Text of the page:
Portal:Toolforge/Admin/Kubernetes

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Kubernetes (often abbreviated k8s) is an open-source system for automating deployment, and management of applications running in containers. Kubernetes was selected in 2015 by the Cloud Services team as the replacement for Grid Engine in the Toolforge project.[1] Usage of k8s in Tools began in mid-2016,[2] and the current cluster design dates back to early 2020.[3]

For help on using Kubernetes in Toolforge, see the Kubernetes help documentation.

Subpages

About this document

This document tries to document the Kubernetes cluster used in Toolforge, and its direct support services (e.g. etcd). It does not cover specifics about services running in the cluster (e.g. the Jobs framework and build service), nor does it cover Toolforge services that are fully unrelated to the Kubernetes cluster (e.g. Redis).

The four main sections of this document correspond to the four categories of documentation in The Grand Unified Theory of Documentation system in a structure inspired by how the Tor Project Admins do it.

Tutorial

Access kubectl

kubectl is the official Kubernetes command line interface tool. Assuming you are listed as a maintainer of the admin tool (or the toolsbeta equivalent) you will automatically have superuser credentials provisioned in your NFS home directory.

To use the CLI tool, log in to a bastion host on the project where the cluster you want to interact with is located. If you want to just experiment, you should use the toolsbeta cluster for that. Most read-only commands can be used out of the box, for example to list pods in the tool-fourohfour namespace used by the 404 handler:

$ kubectl get pod -n tool-fourohfour
NAME                          READY   STATUS    RESTARTS   AGE
fourohfour-7766466794-gtpgk   1/1     Running   0          7d20h
fourohfour-7766466794-qctt8   1/1     Running   0          6d18h

However, all write actions and some read-only actions (e.g. interacting with nodes or secrets) will give you a permission error:

$ kubectl delete pod -n tool-fourohfour fourohfour-7766466794-gtpgk
Error from server (Forbidden): pods "fourohfour-7766466794-gtpgk" is forbidden: User "taavi" cannot delete resource "pods" in API group "" in the namespace "tool-fourohfour"

If you're sure you want to continue, you need to use kubectl sudo:

$ kubectl sudo delete pod -n tool-fourohfour fourohfour-7766466794-gtpgk
pod "fourohfour-7766466794-gtpgk" deleted
kubectl sudo, as the name implies, really has full access to the entire cluster. You should only use it when you need to do something that your normal account does not have access to.

Manage pods

Pods are the basic unit of compute in Kubernetes. A pod consists of one or more OS-level containers that share a network namespace.

List pods

Pods can be listed with the kubectl get pod command. Log in to a toolsbeta bastion, become fourohfour and run:

$ kubectl get pods
NAME                         READY   STATUS    RESTARTS   AGE
fourohfour-bd4ffc5ff-479sj   1/1     Running   0          43s
fourohfour-bd4ffc5ff-4lhcf   1/1     Running   0          35s

The -o (--output) flag can be used to customize the output. For example, -o wide will display more information:

$ kubectl get pods -o wide
NAME                         READY   STATUS    RESTARTS   AGE   IP                NODE                              NOMINATED NODE   READINESS GATES
fourohfour-bd4ffc5ff-479sj   1/1     Running   0          91s   192.168.120.158   toolsbeta-test-k8s-worker-nfs-1   <none>           <none>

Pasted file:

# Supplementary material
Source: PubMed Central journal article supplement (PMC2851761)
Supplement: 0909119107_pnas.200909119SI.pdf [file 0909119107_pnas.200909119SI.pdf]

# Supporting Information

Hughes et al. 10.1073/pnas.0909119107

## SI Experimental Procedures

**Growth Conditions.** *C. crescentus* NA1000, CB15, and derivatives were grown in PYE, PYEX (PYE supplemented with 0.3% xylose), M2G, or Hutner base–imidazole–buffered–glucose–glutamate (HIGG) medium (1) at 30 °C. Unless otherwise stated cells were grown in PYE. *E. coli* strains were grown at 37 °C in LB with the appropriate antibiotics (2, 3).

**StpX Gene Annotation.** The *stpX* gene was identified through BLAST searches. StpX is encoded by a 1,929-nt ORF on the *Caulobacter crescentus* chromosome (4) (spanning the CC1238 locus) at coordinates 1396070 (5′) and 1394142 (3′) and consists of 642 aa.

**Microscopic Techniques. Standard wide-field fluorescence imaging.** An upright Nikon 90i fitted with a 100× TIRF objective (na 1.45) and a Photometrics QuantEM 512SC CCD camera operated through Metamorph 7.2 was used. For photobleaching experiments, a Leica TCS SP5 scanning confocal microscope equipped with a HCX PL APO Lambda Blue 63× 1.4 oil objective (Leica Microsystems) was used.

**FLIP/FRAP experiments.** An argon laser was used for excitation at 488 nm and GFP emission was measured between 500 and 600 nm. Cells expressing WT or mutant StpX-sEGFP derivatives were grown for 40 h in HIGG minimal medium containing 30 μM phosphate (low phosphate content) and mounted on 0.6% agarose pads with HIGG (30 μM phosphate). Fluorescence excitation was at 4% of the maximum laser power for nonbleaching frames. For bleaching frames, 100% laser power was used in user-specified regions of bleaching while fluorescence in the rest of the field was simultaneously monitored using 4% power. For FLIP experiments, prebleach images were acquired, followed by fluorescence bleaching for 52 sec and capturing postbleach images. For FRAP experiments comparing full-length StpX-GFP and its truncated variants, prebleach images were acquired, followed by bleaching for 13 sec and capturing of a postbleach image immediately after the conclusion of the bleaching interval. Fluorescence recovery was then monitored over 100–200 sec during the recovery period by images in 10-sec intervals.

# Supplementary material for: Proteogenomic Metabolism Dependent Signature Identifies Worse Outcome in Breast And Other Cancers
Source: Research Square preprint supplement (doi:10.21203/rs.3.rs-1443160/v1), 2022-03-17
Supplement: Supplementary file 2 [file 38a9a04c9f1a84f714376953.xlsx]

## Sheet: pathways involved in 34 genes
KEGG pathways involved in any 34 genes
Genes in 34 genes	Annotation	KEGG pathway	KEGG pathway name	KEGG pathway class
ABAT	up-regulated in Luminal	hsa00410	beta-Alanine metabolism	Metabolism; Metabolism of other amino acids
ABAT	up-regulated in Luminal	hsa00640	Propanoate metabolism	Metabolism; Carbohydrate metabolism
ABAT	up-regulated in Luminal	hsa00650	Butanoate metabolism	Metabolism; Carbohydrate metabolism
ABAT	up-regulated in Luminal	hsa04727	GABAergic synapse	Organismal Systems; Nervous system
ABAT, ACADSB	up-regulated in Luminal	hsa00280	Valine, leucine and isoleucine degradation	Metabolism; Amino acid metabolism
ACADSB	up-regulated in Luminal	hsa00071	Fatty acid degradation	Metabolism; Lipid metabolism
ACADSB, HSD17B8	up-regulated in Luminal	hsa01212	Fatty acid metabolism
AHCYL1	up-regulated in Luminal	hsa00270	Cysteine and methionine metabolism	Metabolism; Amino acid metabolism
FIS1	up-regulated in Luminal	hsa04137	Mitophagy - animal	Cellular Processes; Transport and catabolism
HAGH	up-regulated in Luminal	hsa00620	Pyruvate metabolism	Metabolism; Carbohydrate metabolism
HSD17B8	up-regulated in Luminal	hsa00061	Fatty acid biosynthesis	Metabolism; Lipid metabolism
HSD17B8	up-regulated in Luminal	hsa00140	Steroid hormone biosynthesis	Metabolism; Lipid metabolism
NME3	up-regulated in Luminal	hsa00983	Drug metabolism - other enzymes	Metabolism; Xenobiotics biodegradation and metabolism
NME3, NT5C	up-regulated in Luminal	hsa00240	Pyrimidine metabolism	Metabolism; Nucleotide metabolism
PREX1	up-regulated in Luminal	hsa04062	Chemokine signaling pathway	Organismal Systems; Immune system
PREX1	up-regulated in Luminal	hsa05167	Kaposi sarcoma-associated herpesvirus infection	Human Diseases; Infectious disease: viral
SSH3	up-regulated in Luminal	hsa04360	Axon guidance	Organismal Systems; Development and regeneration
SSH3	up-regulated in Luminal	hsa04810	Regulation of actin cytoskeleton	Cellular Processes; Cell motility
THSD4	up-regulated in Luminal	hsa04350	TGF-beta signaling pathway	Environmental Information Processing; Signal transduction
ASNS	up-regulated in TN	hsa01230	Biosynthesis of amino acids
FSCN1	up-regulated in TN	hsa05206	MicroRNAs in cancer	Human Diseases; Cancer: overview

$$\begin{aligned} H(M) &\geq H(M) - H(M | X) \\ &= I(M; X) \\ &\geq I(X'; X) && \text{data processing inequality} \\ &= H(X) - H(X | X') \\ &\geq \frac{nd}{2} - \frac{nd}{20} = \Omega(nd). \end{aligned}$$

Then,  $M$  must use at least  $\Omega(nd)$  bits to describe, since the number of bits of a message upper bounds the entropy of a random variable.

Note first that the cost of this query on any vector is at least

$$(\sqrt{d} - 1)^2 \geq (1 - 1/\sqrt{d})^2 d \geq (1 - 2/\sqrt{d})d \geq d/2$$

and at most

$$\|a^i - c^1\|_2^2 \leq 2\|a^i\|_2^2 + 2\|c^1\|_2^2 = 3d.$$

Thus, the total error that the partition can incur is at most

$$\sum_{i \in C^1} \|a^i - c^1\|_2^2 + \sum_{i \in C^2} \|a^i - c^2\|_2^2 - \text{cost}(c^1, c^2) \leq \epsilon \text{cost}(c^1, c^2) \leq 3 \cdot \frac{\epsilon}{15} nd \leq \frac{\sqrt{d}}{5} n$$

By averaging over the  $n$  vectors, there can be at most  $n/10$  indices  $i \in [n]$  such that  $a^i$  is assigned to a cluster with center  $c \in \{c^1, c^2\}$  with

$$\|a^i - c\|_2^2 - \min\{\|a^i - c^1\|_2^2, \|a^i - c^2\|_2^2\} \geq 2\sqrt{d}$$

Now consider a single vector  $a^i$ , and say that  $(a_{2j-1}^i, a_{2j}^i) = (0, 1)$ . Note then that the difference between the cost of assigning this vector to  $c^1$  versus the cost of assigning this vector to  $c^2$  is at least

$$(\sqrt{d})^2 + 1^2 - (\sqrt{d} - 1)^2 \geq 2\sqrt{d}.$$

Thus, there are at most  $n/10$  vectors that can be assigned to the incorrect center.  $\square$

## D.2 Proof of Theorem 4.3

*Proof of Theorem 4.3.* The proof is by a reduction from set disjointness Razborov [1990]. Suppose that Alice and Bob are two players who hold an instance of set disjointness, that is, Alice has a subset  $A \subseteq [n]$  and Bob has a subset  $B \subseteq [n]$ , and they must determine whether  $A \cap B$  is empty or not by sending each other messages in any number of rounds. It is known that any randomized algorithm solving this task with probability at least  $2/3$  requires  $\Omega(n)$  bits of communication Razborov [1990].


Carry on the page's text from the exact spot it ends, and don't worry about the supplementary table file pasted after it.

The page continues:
fourohfour-bd4ffc5ff-4lhcf   1/1     Running   0          83s   192.168.145.16    toolsbeta-test-k8s-worker-nfs-2   <none>           <none>

Or -o json will display the data in JSON:

$ kubectl get pods -o json | head -n5
{
    "apiVersion": "v1",
    "items": [
        {
            "apiVersion": "v1",

So far we have only been accessing data in the namespace we are in. To access data in any namespace, we need to switch back to our user account. Now we can use the -n (--namespace) flag to specify which namespace to access.

$ kubectl get pod -n tool-fourohfour
NAME                         READY   STATUS    RESTARTS   AGE
fourohfour-bd4ffc5ff-479sj   1/1     Running   0          4m27s
fourohfour-bd4ffc5ff-4lhcf   1/1     Running   0          4m19s
$ kubectl get pod -n tool-admin -o wide
NAME                    READY   STATUS    RESTARTS   AGE     IP              NODE                              NOMINATED NODE   READINESS GATES
admin-cb6d84bd8-pshh7   1/1     Running   0          5d21h   192.168.25.21   toolsbeta-test-k8s-worker-nfs-4   <none>           <none>

Or we can use -A (--all-namespaces) to list data in the entire cluster:

$ kubectl get pod -A | head -n5
NAMESPACE            NAME                                                    READY   STATUS             RESTARTS         AGE
api-gateway          api-gateway-nginx-6ddddd6f64-mbnlg                      1/1     Running            0                12d
api-gateway          api-gateway-nginx-6ddddd6f64-tdl6c                      1/1     Running            0                8d
builds-admission     builds-admission-7897cf7759-jtxb5                       1/1     Running            0                28h
builds-admission     builds-admission-7897cf7759-nvmzt                       1/1     Running            0                26h

View logs for pod

To view the combined standard output and standard error for a pod, use kubectl logs:

$ kubectl get pod -n maintain-kubeusers
NAME                                  READY   STATUS    RESTARTS   AGE
maintain-kubeusers-55b649885c-px8c6   1/1     Running   0          87m
$ kubectl logs -n maintain-kubeusers maintain-kubeusers-55b649885c-px8c6 | wc -l
176

Some useful flags for this command are:

  • --tail NUMBER to only show the specified number of most recent lines
  • --follow to do, well, exactly what it says

Restart a pod

Manage workers

The main Toolforge cluster consists of a bit over 50 "normal" NFS-enabled workers, and some special workers used for specific purposes. These workers can be added and removed using cookbooks. Both adding and removing a node is fairly straightforward, although due to the time it takes to replace the entire cluster we prefer to update existing nodes instead of replacing the entire cluster during most routine maintenance (e.g. Kubernetes upgrades or node reboots). It is however totally fine to replace nodes in Toolsbeta if you want to try the process.